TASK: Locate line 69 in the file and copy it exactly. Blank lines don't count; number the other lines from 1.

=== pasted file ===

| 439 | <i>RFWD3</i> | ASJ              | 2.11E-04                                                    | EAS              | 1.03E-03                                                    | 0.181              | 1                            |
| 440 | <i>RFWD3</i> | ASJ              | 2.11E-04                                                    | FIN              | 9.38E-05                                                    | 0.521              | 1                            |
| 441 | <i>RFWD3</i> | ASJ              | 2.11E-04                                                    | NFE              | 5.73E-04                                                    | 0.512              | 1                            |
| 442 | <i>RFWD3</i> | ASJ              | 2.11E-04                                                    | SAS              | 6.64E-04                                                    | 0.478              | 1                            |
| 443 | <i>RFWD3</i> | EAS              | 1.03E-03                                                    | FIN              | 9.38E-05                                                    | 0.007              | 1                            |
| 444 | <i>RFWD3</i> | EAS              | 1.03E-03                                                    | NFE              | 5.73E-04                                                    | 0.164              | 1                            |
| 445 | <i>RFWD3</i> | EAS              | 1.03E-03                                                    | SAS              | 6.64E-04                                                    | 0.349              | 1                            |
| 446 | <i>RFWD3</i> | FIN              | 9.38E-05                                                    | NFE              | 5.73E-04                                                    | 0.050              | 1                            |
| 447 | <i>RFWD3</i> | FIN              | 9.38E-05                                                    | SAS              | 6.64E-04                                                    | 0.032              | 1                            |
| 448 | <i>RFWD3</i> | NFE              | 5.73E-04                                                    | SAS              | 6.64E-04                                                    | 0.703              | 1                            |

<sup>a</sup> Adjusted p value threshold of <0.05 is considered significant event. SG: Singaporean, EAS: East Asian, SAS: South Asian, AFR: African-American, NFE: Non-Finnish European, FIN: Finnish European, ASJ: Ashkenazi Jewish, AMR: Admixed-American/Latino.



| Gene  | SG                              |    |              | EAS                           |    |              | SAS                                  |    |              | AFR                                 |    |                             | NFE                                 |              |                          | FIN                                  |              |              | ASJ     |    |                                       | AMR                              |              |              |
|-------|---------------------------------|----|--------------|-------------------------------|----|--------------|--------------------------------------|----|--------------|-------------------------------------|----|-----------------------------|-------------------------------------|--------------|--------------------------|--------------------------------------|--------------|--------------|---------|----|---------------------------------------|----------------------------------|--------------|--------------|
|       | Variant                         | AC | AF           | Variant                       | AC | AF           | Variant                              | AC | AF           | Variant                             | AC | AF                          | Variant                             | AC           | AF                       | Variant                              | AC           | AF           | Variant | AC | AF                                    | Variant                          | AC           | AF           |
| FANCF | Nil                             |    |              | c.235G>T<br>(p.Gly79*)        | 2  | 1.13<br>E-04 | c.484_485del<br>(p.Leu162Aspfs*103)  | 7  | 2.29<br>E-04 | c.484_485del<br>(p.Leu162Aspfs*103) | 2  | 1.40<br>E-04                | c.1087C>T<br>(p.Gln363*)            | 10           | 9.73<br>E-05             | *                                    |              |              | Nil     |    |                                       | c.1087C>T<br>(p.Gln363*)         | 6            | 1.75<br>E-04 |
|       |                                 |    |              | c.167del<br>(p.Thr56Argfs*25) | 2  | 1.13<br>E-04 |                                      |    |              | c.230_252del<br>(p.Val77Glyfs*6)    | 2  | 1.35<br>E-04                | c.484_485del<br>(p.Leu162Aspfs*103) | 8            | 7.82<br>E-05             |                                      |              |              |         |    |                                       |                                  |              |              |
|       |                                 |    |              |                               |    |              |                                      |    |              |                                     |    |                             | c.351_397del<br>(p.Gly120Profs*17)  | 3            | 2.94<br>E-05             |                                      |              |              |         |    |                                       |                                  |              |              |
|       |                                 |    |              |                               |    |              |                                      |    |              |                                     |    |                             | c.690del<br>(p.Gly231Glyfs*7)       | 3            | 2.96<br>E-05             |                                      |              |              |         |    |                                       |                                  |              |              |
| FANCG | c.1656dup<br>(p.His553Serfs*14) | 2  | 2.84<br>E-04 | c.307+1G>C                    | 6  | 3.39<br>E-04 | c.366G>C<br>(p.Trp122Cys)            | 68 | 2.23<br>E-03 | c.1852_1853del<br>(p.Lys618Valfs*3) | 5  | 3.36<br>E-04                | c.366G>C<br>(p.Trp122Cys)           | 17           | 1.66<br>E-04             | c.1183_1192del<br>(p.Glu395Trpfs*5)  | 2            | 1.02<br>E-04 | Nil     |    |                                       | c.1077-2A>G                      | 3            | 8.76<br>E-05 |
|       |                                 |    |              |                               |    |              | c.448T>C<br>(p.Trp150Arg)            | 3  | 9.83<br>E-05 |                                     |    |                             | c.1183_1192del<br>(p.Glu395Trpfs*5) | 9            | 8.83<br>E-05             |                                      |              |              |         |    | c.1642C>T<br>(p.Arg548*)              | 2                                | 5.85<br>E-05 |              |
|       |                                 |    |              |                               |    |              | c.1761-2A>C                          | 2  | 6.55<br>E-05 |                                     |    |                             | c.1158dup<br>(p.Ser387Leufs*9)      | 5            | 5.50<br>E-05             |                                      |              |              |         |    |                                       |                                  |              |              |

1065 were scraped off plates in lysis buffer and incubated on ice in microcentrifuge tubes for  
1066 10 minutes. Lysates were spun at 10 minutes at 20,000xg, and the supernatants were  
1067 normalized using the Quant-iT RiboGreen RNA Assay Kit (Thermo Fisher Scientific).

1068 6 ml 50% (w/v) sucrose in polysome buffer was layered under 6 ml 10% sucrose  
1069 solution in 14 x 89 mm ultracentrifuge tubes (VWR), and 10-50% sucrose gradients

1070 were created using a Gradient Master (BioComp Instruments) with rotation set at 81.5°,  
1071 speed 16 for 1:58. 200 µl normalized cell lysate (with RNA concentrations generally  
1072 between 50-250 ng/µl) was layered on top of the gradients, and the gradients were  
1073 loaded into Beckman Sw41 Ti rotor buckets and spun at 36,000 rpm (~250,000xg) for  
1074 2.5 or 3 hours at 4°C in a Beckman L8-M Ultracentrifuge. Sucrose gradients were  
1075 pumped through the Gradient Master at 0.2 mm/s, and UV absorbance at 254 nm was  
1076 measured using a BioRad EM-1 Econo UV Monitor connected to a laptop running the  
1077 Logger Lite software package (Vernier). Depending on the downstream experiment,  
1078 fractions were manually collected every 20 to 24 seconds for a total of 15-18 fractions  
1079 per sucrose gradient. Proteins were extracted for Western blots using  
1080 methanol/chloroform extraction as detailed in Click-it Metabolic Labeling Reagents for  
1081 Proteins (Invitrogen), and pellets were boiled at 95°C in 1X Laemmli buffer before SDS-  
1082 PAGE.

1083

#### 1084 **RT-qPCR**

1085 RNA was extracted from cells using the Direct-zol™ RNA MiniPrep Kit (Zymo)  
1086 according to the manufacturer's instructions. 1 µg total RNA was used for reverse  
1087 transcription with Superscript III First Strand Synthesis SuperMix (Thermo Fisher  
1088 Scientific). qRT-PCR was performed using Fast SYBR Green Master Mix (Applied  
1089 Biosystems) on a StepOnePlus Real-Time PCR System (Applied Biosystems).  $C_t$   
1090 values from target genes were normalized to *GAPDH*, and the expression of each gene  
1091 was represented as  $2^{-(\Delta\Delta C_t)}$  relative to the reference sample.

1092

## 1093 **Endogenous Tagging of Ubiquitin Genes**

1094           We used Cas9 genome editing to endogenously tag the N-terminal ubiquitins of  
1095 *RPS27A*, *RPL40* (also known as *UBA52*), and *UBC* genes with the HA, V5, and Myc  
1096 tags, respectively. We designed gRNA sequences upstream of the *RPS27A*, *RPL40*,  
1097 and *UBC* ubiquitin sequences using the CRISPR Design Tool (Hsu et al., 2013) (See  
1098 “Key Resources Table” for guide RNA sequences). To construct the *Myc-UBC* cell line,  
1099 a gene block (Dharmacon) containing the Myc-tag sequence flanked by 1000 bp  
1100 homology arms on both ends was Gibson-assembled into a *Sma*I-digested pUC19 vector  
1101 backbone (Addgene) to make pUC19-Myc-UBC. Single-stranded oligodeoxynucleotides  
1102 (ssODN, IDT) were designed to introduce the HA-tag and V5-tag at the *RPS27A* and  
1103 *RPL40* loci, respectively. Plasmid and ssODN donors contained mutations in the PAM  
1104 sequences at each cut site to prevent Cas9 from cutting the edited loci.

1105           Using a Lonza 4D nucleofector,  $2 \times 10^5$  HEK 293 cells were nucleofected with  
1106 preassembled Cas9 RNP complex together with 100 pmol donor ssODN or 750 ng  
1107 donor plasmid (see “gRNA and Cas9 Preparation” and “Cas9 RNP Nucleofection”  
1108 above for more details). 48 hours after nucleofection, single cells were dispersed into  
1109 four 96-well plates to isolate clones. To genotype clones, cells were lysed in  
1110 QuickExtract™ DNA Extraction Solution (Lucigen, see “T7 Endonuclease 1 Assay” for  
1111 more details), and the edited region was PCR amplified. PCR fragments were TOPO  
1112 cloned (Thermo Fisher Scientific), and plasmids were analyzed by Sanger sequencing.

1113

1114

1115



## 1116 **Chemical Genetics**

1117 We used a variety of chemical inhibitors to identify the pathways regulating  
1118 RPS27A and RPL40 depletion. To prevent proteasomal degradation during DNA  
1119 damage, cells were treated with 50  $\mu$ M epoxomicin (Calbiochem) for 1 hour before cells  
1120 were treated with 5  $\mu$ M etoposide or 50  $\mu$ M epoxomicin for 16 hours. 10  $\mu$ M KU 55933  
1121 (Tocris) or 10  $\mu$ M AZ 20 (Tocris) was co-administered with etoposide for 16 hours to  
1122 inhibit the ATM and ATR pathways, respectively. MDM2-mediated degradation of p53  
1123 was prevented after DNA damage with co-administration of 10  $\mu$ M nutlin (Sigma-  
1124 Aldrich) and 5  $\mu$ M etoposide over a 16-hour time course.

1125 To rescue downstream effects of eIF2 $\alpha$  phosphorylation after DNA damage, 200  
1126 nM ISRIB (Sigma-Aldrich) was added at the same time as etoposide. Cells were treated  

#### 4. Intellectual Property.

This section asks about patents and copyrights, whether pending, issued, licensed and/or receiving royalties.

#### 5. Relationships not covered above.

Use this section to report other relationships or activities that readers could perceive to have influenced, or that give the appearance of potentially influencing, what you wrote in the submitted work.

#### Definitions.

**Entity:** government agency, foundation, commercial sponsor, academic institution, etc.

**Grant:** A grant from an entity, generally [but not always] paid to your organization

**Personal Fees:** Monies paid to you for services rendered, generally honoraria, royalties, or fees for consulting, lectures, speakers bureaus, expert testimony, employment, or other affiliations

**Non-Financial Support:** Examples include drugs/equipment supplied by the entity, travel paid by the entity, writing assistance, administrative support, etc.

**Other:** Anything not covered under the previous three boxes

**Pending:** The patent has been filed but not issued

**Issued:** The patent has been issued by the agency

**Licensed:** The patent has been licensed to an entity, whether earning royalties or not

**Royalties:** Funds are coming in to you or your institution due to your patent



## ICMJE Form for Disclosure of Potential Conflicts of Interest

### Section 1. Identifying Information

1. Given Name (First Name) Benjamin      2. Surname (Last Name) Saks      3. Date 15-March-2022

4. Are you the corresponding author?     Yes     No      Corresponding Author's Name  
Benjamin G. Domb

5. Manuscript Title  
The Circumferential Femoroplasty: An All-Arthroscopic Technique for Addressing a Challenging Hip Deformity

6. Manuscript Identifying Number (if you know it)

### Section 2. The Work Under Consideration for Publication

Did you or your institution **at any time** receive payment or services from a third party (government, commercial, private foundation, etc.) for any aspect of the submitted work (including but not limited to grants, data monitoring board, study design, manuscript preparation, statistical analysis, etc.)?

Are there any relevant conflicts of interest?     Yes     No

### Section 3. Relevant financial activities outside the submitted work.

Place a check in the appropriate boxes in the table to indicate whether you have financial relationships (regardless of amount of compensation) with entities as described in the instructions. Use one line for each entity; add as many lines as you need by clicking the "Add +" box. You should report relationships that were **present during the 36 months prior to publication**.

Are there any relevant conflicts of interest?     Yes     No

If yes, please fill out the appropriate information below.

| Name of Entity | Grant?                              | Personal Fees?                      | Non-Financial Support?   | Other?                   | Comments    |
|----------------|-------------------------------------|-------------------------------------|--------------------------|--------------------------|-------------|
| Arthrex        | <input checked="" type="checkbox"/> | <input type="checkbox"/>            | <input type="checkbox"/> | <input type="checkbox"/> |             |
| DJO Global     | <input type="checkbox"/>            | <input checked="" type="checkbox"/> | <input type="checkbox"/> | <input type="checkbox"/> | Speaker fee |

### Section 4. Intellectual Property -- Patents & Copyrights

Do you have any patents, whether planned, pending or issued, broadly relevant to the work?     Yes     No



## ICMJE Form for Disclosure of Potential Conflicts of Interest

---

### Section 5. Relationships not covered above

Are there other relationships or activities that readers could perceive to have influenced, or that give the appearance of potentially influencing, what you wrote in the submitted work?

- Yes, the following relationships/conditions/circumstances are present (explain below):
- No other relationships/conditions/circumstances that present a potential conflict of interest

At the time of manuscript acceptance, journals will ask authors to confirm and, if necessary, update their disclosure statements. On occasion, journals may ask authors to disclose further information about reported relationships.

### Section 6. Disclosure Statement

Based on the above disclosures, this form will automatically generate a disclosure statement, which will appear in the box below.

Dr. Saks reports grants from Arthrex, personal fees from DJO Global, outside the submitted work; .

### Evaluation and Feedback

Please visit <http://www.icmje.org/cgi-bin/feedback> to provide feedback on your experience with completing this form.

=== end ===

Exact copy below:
1112 cloned (Thermo Fisher Scientific), and plasmids were analyzed by Sanger sequencing.